Poetry, Memory and Redemption in Ocean Vuong’s On Earth We’re Briefly Gorgeous

A page, turning, is a wing lifted with no twin, and therefore, no flight. And yet we are moved.

—Ocean Vuong, On Earth We’re Briefly Gorgeous

Ocean Vuong’s On Earth We’re Briefly Gorgeous is written like a poem; its prose is so inundated with poetic devices.

The novel is a love letter to his mother (who is illiterate and may never read it), where he confesses, shares and questions. It is a roadmap for memory, as he brings the reader through his childhood, then adolescent years, the narrative illuminating briefly poignant and also almost insignificant snippets and moments of his life, little curiosities held up to the light before the narrative spotlight shifts away once more.

The novel features four main characters: Ocean himself (who is never mentioned by name; the others call him “Little Dog”), his mother Rose, his grandmother Lan (which means “Lily” in Vietnamese) and his adolescent lover Trevor. The author’s family are immigrants from Vietnam navigating a middle-lower class existence in a predominantly white America. While working a summer job cutting and drying tobacco at a plantation, Vuong meets and falls in love with Trevor.

On Earth We’re Briefly Gorgeous, however, is a lot more than just another immigrant-in-America bildungsroman—it is a discovery of self and others; a dissection of the tenuous relationships that hold Vuong and those around him together, tracing the connections that make them up. Again and again, Vuong picks apart the threads that tie him with others, as if testing their strength, their elasticity. The central questions hang in the air between the book’s pages: What makes a relationship? Is it a mother admonishing, and then learning to understand, her child? Is it the stories a grandmother tells? Or is it the confessions and little exposures, the giving of ourselves to another intimately?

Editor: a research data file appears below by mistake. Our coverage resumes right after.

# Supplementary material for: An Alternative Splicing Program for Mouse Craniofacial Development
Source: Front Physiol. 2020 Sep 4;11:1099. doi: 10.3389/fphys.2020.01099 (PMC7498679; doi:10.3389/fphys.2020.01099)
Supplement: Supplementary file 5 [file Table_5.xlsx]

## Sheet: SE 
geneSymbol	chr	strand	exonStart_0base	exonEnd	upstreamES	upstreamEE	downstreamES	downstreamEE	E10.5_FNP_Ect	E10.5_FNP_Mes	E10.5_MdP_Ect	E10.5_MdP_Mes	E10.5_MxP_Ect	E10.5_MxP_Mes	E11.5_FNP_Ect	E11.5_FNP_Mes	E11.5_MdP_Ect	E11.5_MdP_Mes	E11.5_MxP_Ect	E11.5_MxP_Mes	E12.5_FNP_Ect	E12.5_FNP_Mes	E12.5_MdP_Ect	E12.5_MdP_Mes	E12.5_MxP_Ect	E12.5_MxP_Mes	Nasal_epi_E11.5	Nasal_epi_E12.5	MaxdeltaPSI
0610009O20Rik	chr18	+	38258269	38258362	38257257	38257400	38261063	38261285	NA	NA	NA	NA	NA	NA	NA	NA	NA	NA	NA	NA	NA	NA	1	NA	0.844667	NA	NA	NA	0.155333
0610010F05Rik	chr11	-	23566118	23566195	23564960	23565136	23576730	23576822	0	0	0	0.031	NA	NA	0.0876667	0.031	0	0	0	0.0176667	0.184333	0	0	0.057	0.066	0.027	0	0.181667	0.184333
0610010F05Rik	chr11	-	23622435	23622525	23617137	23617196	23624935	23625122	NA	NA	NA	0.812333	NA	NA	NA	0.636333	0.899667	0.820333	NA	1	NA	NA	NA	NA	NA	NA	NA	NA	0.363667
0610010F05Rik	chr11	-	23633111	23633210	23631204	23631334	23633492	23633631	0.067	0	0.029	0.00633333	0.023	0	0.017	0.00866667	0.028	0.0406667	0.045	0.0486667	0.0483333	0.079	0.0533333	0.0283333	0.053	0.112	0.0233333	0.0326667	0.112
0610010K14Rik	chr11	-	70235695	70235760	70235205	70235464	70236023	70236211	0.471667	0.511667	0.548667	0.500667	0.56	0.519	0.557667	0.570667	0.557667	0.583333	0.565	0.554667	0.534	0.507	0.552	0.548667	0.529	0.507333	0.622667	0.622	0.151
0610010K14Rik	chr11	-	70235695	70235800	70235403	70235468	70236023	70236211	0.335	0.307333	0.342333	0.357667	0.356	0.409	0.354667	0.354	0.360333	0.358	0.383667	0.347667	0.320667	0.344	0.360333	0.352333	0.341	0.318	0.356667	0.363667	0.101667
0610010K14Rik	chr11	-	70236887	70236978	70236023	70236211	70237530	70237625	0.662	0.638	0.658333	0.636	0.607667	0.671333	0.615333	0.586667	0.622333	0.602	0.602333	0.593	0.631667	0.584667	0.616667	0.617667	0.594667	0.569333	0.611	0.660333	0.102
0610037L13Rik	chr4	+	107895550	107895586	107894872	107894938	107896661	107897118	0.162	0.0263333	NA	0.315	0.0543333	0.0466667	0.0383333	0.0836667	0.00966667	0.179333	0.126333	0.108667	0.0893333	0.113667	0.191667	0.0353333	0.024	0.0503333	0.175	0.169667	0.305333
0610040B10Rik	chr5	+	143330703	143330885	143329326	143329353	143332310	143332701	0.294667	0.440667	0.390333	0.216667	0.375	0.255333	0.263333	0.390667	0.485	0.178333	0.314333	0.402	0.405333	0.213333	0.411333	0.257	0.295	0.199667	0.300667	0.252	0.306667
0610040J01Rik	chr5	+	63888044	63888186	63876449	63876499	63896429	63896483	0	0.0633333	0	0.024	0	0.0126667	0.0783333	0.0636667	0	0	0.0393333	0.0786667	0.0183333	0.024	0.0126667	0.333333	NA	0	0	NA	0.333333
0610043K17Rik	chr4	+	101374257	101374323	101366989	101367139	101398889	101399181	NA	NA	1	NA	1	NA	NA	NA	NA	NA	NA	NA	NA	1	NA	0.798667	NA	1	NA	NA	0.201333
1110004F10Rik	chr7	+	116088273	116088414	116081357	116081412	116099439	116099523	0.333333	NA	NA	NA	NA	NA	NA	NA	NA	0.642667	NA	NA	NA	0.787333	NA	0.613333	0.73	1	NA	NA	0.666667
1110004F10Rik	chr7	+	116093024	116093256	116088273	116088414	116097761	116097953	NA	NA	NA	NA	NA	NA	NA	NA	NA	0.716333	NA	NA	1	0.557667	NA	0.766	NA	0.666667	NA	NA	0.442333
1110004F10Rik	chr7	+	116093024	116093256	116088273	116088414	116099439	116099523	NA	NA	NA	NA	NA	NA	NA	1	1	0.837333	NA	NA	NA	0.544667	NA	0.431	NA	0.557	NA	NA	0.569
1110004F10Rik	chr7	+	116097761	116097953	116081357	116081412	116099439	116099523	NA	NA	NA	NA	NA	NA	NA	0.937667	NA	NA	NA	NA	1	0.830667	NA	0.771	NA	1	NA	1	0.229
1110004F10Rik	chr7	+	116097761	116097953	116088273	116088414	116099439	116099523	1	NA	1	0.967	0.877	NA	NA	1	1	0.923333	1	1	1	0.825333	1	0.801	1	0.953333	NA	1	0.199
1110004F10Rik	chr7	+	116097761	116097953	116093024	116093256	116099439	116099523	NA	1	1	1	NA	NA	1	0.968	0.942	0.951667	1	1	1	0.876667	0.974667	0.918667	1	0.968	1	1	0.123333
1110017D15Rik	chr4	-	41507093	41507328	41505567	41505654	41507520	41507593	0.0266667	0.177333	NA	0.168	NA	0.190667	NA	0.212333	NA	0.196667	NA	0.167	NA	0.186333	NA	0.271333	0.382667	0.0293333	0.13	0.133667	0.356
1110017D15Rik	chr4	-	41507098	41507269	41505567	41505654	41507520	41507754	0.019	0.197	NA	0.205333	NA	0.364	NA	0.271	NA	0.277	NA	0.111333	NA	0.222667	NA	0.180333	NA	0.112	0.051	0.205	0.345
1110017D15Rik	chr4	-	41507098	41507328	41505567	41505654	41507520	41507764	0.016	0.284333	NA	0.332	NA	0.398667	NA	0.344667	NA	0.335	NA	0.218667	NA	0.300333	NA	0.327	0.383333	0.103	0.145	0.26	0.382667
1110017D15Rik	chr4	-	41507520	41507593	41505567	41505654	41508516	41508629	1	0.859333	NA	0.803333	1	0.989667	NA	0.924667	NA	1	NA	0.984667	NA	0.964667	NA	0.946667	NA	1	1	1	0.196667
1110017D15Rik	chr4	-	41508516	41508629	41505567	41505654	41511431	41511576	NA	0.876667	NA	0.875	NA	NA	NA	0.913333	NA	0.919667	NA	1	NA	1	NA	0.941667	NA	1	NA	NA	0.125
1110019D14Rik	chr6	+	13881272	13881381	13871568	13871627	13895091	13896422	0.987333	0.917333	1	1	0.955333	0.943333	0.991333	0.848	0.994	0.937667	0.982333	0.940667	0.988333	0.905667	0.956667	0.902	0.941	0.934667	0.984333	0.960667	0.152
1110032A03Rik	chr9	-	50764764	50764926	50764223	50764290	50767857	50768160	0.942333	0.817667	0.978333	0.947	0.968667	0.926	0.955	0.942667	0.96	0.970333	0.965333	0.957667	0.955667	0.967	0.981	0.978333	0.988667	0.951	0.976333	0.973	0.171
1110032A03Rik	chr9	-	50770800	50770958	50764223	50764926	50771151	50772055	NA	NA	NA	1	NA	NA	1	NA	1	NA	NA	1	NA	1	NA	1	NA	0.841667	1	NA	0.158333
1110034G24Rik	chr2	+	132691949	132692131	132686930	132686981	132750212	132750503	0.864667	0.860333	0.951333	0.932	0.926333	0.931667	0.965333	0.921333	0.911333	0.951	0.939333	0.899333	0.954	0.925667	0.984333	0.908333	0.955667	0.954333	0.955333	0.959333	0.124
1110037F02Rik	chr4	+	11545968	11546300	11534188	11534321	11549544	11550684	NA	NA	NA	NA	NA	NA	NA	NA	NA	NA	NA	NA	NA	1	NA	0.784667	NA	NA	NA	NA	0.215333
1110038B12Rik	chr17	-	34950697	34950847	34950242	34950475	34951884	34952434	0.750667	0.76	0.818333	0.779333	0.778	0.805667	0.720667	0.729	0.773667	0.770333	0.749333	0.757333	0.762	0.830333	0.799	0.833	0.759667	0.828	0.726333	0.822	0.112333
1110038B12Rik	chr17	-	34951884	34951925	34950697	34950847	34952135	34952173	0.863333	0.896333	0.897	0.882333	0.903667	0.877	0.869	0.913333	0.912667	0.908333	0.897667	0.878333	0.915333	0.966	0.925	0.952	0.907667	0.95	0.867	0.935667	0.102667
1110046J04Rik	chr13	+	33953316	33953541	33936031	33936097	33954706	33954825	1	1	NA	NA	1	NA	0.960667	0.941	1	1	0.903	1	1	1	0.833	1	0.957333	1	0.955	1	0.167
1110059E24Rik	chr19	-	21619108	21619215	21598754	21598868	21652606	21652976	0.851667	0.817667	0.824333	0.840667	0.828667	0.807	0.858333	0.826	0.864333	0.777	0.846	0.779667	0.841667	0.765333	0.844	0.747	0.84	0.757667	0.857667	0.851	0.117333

A blatant feature of Vuong’s work is its style: the prose’s pervasive—at times desperate—cushioning of every telling and retelling, significant or otherwise—in lush poetry. Other than aesthetic reasons, a part of me wonders if the purpose of such poetry is to soften the blows and impact of a narrative that continually rips itself apart only to continue in the same vein elsewhere; frayed edges spill from this book, its narrative is fragmented and discontinuous.

The novel also offers the reader an unflinching look at the sheer grotesqueness of the human body—of ourselves. Vuong describes in visceral detail his grandmother’s body wasting away as she dies of cancer. In another scene, he vividly presents the messy and painful sex he and Trevor have on the bed and then on a barn floor.

Perhaps the poetic nature of the prose suggests that despite all our repulsiveness—despite the sheer ugliness we find ourselves in, retelling our stories—the only way we can access reality and an event—gives us the grace to beautify ourselves again. A poetic narrative is our redemption; our chance to find ourselves—if only briefly—awash with ephemeral beauty.

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